Practicing in normal Naugatuck flows is one thing, but little did I know what mother nature had in store for us that fall. First, there was Hurricane Irene. That raised the water. Shortly thereafter, a freak October Nor'easter dumped a ton of snow, which seemed to melt completely within days. That really raised the water! It made the water unseasonably frigid, too. Cold, high water...just right to help me prepare for the Kola and Kitza Rivers.

At home, the power was out for days and many cell towers were down. I missed a call to work with legendary jazz guitarist Gene Bertoncini. I was frustrated and had to get out of the house. My buddy Val and I went to the Naugatuck after a few days of snowmelt. The lower Naugatuck was just under the 1000cfs mark. I don't think I fished it over 700cfs before that day. It was pretty miserable, but it was exactly what I needed. I was pinned against the trees and it was a real test of my casting. The water never really warmed up after that and it stayed relatively high for the rest of the season. I used flies and tactics I expected to use in Russia and, as a bonus, I caught fish. That high water season couldn't have come at a better time.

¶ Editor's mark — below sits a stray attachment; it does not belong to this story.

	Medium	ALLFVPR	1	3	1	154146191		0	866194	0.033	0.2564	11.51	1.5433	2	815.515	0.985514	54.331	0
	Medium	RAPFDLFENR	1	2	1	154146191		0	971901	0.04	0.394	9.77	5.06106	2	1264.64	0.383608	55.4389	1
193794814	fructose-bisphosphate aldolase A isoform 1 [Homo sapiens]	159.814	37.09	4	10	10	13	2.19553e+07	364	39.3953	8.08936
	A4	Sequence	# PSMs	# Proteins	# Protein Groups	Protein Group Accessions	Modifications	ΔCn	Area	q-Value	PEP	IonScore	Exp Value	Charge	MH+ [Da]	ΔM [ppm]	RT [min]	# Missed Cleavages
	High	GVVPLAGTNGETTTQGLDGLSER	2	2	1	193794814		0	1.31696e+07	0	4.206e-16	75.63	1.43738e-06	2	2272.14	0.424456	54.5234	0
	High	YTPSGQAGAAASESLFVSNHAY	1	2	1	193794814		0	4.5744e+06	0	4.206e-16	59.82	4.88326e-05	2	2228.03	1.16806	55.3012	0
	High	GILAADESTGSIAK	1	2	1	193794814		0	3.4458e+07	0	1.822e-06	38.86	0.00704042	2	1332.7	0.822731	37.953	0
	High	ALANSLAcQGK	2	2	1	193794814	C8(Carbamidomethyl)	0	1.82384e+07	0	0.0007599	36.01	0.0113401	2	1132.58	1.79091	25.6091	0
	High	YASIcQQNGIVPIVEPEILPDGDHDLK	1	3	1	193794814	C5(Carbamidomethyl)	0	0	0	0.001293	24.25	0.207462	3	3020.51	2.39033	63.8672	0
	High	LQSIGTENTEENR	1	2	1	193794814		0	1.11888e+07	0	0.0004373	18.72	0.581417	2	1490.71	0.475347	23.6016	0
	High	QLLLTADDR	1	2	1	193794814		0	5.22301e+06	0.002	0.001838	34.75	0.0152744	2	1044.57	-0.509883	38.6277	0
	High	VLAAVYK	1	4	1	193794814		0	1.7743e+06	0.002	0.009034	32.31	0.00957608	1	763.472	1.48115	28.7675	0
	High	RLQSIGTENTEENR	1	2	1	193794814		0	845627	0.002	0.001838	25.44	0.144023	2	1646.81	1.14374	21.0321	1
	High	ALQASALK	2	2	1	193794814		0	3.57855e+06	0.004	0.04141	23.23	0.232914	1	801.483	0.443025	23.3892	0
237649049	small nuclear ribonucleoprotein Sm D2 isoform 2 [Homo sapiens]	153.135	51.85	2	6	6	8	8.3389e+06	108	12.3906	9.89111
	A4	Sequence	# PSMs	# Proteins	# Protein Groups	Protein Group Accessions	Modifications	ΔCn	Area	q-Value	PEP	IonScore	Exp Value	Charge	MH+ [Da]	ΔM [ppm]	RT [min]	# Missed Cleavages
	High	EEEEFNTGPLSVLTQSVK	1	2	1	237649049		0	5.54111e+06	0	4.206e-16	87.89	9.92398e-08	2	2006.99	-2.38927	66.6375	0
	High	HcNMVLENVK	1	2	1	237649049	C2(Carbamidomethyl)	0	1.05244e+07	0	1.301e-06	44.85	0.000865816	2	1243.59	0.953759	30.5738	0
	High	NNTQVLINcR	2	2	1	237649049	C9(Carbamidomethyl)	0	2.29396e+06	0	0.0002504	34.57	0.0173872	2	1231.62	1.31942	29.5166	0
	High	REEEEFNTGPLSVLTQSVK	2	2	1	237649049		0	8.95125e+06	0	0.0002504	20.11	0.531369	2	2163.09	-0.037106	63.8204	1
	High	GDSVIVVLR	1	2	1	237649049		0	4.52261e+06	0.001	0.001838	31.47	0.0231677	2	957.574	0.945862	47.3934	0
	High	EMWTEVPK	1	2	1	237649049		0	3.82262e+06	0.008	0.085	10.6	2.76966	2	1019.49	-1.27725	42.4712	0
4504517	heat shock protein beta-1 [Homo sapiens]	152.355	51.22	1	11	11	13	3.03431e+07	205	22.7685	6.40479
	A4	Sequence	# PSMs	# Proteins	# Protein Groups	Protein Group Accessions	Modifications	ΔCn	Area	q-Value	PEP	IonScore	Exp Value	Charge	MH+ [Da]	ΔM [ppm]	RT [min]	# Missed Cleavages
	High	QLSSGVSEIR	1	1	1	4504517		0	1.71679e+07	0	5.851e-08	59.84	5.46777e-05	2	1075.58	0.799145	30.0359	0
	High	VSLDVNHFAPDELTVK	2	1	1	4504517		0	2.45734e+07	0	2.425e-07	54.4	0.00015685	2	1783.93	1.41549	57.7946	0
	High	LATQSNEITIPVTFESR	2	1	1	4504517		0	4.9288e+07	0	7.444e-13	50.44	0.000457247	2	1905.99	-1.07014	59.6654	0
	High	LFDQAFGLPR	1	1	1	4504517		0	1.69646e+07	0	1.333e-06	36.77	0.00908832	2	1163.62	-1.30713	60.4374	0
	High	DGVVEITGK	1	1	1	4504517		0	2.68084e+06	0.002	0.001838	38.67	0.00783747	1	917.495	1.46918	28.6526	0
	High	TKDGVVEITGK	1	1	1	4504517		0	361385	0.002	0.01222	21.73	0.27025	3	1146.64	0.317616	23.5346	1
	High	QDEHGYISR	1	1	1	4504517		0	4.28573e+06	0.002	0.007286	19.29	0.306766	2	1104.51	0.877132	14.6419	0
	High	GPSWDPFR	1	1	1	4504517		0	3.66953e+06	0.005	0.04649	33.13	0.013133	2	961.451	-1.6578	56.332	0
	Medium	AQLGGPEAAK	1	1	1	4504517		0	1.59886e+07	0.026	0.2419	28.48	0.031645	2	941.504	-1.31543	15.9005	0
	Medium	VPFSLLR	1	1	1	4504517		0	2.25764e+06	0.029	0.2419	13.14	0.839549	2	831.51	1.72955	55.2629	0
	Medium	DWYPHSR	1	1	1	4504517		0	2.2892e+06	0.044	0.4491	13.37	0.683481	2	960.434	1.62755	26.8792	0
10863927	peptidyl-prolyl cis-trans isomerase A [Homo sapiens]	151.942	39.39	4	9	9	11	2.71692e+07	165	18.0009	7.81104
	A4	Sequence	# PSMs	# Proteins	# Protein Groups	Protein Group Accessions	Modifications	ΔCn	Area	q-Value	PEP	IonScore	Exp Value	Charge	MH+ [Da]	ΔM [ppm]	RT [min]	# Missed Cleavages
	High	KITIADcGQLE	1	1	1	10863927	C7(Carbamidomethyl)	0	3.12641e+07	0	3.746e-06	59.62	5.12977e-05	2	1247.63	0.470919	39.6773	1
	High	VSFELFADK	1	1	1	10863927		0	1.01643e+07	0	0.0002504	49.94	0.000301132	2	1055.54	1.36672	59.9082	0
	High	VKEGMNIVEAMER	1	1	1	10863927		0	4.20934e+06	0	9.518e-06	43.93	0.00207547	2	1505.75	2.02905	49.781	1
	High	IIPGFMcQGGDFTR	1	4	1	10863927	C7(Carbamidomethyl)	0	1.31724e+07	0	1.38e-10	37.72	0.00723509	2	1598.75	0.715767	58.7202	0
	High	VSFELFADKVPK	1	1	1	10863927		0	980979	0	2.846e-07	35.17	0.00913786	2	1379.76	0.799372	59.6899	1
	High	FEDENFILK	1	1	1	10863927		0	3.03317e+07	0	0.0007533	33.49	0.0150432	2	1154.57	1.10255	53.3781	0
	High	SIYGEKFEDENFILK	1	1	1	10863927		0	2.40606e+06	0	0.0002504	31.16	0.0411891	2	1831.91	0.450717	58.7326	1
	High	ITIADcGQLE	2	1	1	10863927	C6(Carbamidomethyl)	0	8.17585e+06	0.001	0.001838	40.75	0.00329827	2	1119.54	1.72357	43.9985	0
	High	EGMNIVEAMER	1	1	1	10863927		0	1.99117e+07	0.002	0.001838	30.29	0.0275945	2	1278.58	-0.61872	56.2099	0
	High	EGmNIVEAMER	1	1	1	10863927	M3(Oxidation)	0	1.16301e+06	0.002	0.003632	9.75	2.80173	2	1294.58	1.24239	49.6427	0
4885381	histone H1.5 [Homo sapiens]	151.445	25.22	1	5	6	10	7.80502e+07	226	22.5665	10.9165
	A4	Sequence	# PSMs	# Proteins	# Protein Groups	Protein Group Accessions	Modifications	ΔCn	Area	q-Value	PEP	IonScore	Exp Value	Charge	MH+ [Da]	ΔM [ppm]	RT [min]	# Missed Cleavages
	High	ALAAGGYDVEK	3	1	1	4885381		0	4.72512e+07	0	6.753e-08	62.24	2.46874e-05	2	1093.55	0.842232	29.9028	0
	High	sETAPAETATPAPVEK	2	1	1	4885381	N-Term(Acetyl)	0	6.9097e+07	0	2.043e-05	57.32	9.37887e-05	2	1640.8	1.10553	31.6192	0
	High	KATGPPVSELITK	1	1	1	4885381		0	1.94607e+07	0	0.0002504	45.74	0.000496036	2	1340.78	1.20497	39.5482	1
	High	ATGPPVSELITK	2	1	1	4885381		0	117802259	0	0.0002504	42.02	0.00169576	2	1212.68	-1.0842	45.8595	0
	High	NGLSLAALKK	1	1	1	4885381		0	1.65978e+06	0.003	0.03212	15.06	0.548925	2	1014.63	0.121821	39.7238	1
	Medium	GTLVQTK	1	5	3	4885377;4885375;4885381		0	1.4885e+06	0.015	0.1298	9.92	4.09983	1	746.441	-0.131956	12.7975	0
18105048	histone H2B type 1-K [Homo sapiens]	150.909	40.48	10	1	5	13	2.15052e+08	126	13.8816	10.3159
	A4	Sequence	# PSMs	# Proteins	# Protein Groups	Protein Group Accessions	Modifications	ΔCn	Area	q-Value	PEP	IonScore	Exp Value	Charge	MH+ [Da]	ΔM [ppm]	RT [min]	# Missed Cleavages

The somewhat ironic epilogue is that spring 2012 on the Kola Peninsula was really early. The water was seasonably low and warm (50ºF+). I didn't waste my time on the Naugatuck in the fall, though. Fishing and wading a low Kola River was still much more difficult than fishing a high Naugatuck River. Under the circumstances, I actually did okay over there. It certainly could have been a lot more frustrating had I not prepared for it at all. Practicing close to home really paid off.